The odds of NASA returning humans to the moon by 2024 Is a long time– Not zero, but very close.
Funding is perhaps the biggest short-term hurdle the space agency faces. Specifically, NASA is requesting an additional $ 3.2 billion in fiscal year 2021 to allow contractors to begin building one or more landers to transport astronauts to the surface of the moon from high lunar orbit. That’s a 12 percent increase in NASA’s total budget.
Fiscal year 2021 begins in a week, on October 1. The US Congress recently passed a “continuing resolution” that will keep the government funded until December 11th. By then, after the 2020 elections, it is hoped that the House and Senate can agree on a budget that funds priorities for the remainder of the fiscal year.
NASA Administrator Jim Bridenstein said this week that funding the Artemis Moon program before the end of this year will be practical. “If we are able to do this before Christmas, we are still on our way to land on the moon in 2024,” he said in a phone call to reporters.
The real question is whether Congress, if it can agree on the fiscal year 2021 budget in this intense partisan era, will be inclined to support probe funding. This is a completely new program that will eventually require several billion dollars to pay off. In deliberations earlier this year, the US House of Representatives provided just $ 600 million, or less than a fifth of the budget that NASA said it needs for next year.
So says the Senate
Wednesday provided the first opportunity to assess, at least publicly, whether the Senate will be more supportive of Artemis’ program and its aggressive goal of 2024.
In his opening statement, Jerry Moran, the Republican from Kansas who chairs the Senate subcommittee that oversees the NASA budget, said nice words about Artemis. But he noted that NASA’s request for a larger budget came against the backdrop of a pandemic and the resulting financial crisis.
“Our world has changed dramatically since the initial budget release, and I look forward to discussing how NASA adapts to our new and unprecedented environment as we move forward with Artemis,” Moran said.
The senior Democrat on the committee appeared less supportive. New Hampshire’s Gene Shaheen noted that the proposed budget for NASA has once again reduced funding for STEM education and did not support the Romanian Nancy Grace Space Telescope. “We know that NASA needs to be more than just one shot,” this is what I directed to Bridenstein. Shaheen described the 12 percent budget increase as “generous.”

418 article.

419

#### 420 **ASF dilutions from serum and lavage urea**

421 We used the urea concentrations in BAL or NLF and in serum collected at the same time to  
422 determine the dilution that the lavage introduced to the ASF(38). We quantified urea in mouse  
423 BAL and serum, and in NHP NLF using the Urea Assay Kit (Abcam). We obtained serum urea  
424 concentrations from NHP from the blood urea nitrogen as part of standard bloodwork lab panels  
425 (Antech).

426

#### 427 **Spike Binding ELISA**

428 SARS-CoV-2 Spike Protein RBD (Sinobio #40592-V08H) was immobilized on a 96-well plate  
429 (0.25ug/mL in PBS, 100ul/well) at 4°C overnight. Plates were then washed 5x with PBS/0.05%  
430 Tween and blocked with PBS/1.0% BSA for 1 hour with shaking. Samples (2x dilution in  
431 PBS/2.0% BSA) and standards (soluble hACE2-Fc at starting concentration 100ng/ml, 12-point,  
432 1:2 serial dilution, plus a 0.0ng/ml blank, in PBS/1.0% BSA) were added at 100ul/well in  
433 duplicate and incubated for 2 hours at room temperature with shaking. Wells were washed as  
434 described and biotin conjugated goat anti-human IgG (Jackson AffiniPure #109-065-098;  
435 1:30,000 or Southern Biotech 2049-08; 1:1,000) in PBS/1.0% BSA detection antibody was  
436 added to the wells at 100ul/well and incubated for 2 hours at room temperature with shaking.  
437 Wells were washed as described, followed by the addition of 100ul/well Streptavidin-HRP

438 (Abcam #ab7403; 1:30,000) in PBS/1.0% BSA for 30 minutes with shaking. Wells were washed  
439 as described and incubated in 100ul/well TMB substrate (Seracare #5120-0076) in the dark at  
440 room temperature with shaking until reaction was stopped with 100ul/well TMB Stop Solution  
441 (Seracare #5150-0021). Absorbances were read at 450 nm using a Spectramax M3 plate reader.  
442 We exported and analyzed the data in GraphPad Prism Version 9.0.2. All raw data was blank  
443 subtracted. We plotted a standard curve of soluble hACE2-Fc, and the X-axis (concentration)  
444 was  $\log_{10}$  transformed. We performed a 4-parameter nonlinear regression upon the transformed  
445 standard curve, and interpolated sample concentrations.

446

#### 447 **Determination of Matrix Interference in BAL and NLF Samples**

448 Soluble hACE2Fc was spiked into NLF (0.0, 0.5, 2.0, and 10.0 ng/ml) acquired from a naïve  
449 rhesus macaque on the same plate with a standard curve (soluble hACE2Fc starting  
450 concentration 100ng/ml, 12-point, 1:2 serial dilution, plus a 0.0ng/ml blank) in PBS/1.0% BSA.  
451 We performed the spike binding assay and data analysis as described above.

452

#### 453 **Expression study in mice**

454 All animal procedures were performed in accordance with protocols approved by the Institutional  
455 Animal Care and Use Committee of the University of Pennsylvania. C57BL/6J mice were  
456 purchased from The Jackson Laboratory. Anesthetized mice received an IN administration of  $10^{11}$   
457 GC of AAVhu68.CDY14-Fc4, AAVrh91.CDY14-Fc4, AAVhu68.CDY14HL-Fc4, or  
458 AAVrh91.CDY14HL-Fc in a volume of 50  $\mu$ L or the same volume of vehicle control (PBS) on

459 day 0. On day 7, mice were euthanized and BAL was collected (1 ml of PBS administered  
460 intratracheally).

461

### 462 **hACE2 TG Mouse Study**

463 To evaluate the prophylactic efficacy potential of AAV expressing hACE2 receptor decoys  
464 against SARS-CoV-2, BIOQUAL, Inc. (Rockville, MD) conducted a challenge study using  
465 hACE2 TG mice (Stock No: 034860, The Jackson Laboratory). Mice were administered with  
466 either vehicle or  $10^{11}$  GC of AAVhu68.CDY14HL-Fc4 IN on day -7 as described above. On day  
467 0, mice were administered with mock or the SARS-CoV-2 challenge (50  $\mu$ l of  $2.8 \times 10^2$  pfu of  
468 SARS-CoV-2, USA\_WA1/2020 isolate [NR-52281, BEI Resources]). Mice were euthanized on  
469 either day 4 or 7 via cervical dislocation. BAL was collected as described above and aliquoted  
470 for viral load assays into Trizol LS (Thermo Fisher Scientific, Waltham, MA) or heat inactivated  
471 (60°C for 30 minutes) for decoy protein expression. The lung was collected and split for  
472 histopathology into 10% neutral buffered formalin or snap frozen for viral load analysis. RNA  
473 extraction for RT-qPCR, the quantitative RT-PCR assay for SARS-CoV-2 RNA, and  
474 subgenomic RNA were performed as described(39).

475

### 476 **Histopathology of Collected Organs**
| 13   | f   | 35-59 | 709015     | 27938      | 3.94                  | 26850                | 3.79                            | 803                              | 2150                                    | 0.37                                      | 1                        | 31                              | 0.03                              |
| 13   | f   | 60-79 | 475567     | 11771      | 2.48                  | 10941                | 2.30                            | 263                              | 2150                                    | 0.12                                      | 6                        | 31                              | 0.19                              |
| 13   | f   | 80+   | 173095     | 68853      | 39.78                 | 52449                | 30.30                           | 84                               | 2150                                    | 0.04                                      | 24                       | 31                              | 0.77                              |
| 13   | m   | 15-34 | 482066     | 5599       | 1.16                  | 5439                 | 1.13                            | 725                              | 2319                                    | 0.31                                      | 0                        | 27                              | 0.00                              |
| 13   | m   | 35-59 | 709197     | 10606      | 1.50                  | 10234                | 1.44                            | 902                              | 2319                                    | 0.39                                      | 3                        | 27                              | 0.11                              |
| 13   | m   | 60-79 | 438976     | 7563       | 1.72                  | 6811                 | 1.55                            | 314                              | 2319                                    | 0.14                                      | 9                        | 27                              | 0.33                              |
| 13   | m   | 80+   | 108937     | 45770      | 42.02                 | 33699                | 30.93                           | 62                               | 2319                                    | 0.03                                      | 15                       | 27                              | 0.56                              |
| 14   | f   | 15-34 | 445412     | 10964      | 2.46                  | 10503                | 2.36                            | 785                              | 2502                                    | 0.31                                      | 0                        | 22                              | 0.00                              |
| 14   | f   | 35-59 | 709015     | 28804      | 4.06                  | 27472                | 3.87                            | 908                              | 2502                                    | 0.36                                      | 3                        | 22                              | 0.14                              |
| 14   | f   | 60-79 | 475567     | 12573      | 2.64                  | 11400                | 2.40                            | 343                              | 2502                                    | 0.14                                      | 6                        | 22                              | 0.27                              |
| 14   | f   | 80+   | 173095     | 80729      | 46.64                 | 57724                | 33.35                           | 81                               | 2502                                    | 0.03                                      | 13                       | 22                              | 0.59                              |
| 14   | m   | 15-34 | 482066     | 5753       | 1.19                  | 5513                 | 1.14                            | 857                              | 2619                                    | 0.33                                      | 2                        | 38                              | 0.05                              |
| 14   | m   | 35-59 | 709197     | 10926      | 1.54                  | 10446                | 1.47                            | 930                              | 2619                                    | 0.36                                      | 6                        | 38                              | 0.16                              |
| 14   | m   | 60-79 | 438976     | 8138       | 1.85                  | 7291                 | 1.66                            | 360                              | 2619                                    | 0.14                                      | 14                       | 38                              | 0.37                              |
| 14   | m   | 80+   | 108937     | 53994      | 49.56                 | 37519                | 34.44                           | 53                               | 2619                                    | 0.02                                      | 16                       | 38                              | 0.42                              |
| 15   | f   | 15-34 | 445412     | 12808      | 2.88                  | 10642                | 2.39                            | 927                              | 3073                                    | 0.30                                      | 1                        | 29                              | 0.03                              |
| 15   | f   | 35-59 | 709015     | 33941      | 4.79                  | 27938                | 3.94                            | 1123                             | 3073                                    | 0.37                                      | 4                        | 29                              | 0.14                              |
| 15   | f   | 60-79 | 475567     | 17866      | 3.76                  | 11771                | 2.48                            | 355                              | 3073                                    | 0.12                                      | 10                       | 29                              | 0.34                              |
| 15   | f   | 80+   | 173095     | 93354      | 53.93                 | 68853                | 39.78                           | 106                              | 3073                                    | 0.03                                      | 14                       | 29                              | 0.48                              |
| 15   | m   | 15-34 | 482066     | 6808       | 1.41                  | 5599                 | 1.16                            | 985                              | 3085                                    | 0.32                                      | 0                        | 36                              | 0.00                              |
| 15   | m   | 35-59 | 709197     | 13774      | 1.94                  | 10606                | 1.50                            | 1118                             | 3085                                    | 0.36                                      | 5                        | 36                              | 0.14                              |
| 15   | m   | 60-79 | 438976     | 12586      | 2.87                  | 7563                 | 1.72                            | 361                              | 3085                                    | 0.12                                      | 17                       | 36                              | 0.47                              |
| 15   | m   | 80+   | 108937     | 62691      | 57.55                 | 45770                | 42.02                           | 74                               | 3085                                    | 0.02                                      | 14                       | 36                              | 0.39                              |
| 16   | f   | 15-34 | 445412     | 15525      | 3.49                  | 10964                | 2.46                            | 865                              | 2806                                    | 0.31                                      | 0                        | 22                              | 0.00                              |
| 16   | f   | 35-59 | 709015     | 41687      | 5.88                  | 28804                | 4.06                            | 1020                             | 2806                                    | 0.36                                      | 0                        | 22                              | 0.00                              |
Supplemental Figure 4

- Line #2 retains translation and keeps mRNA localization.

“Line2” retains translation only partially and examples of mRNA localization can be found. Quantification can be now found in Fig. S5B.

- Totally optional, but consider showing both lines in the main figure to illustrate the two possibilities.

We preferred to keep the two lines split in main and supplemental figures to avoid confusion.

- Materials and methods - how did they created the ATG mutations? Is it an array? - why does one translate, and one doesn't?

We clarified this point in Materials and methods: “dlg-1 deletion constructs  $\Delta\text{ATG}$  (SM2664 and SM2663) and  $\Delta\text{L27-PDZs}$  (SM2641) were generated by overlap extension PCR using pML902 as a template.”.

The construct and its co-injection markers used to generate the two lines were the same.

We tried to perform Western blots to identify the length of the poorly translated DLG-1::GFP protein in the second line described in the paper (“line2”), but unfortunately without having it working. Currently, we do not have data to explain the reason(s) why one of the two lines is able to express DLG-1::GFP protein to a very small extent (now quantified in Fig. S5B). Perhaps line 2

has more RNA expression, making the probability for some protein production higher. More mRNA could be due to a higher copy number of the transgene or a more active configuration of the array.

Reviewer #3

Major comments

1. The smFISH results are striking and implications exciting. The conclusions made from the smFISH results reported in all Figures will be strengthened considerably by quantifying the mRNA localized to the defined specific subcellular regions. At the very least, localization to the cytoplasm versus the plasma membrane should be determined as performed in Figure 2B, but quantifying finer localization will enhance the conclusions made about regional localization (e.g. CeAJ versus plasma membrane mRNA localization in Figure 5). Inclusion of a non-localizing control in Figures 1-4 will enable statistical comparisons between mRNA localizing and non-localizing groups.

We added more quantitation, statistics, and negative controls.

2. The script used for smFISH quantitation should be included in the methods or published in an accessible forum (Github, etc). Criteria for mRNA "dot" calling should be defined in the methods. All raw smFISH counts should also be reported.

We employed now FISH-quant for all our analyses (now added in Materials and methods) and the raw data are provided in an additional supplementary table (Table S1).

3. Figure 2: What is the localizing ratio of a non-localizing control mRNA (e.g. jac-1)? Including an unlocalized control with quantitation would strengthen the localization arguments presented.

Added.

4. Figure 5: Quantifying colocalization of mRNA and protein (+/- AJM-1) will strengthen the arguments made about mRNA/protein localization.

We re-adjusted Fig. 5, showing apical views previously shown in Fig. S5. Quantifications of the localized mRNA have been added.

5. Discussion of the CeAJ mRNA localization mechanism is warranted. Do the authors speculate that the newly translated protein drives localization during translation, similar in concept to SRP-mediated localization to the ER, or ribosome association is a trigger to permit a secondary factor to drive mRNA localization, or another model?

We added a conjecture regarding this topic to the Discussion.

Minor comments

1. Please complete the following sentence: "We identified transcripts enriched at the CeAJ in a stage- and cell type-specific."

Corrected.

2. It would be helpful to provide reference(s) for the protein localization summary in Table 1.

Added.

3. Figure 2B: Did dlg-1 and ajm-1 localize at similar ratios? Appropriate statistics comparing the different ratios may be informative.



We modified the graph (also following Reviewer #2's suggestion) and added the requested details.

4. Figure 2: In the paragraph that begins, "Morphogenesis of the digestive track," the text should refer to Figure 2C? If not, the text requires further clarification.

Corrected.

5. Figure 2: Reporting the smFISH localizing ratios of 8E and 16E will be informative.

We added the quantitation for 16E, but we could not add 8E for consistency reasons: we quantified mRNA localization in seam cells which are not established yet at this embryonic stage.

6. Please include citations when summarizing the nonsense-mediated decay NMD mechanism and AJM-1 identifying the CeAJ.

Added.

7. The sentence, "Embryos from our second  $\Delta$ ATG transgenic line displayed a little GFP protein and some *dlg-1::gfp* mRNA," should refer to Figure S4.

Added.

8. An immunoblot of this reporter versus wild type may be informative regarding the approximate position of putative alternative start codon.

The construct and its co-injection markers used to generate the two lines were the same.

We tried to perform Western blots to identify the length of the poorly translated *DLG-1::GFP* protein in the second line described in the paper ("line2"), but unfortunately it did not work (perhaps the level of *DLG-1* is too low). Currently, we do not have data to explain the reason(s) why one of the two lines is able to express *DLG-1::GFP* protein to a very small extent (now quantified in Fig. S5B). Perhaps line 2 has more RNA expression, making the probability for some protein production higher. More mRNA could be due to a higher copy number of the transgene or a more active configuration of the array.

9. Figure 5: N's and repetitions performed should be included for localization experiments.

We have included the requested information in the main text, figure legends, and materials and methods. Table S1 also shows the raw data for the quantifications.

Later during the question-and-answer period, Moran asked Bridenstine if it would be better for NASA to quickly pick a single contractor to build the probe so the agency could focus its resources.
Bridenstein pulled back on this, citing the value of competition. Earlier this year, the space agency Three selected teams– by Blue Origin, Dynetics, and SpaceX – to clarify the probe’s proposals and tell NASA how much government funding they thought would be necessary to complete the projects by 2024. Using this information, NASA plans to “pick” from this group of three landing teams in February.
One, two, or three?
There has been talk in the space community, in recent months, that one or more landing teams are paying for all of the funding in this February bottom pick by indicating that other teams cannot take on the technical challenge.
But Bridenstine appears committed to moving forward with two or more teams. He said, “I’m worried going down to one.” “When you get out of the competition, you end up with programs that inevitably falter and face cost overruns.” With at least two service providers competing, Bridenstein said, NASA would end up in a “virtuous cycle” as the teams invest their own money and pay as hard as they can.
For a modern model of success, cite the Commercial Crew Program, as SpaceX and Boeing competed to transport astronauts to the International Space Station. SpaceX won that competition and did so as part of a “fixed price” contract that NASA awarded again in 2014. Bridenstein said the presence of two competitors had spurred the companies to keep moving despite the technical challenges.
As they study whether to fund Artemis, lawmakers will finally have some tough numbers to consider for the program. In the “Artemis plan” document NASA released Monday, and for the first time, it put specific dollar numbers on the projected cost of landing on the Moon by 2024: $ 27.9 billion. Of this amount, 16.1 billion dollars will go towards the cost of developing a “primary” human landing system. These are the funding requirements through to fiscal year 2025.